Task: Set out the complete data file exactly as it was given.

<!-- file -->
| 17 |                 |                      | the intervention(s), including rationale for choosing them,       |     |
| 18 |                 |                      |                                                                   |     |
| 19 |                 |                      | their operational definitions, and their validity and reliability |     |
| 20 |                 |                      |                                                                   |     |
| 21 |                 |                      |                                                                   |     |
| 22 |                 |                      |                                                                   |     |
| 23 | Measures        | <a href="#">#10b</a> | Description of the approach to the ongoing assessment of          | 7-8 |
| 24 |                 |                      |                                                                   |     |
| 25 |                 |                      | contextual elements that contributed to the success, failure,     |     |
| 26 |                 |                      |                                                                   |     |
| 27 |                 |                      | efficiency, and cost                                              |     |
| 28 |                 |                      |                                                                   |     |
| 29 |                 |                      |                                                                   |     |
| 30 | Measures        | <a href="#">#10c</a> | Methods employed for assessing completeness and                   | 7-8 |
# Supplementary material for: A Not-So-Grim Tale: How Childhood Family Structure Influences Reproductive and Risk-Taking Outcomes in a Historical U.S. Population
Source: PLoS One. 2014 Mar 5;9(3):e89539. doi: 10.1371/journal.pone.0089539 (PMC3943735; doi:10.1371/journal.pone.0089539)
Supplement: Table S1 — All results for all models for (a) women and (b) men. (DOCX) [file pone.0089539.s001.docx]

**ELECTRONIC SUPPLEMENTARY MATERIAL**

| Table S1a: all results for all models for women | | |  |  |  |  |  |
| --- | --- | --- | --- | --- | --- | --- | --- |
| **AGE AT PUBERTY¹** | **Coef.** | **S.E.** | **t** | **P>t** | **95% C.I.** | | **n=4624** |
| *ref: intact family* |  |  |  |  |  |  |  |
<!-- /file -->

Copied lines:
| 17 |                 |                      | the intervention(s), including rationale for choosing them,       |     |
| 18 |                 |                      |                                                                   |     |
| 19 |                 |                      | their operational definitions, and their validity and reliability |     |
| 20 |                 |                      |                                                                   |     |
| 21 |                 |                      |                                                                   |     |
| 22 |                 |                      |                                                                   |     |
| 23 | Measures        | <a href="#">#10b</a> | Description of the approach to the ongoing assessment of          | 7-8 |
| 24 |                 |                      |                                                                   |     |
| 25 |                 |                      | contextual elements that contributed to the success, failure,     |     |
| 26 |                 |                      |                                                                   |     |
| 27 |                 |                      | efficiency, and cost                                              |     |
| 28 |                 |                      |                                                                   |     |
| 29 |                 |                      |                                                                   |     |
| 30 | Measures        | <a href="#">#10c</a> | Methods employed for assessing completeness and                   | 7-8 |
# Supplementary material for: A Not-So-Grim Tale: How Childhood Family Structure Influences Reproductive and Risk-Taking Outcomes in a Historical U.S. Population
Source: PLoS One. 2014 Mar 5;9(3):e89539. doi: 10.1371/journal.pone.0089539 (PMC3943735; doi:10.1371/journal.pone.0089539)
Supplement: Table S1 — All results for all models for (a) women and (b) men. (DOCX) [file pone.0089539.s001.docx]

**ELECTRONIC SUPPLEMENTARY MATERIAL**

| Table S1a: all results for all models for women | | |  |  |  |  |  |
| --- | --- | --- | --- | --- | --- | --- | --- |
| **AGE AT PUBERTY¹** | **Coef.** | **S.E.** | **t** | **P>t** | **95% C.I.** | | **n=4624** |
| *ref: intact family* |  |  |  |  |  |  |  |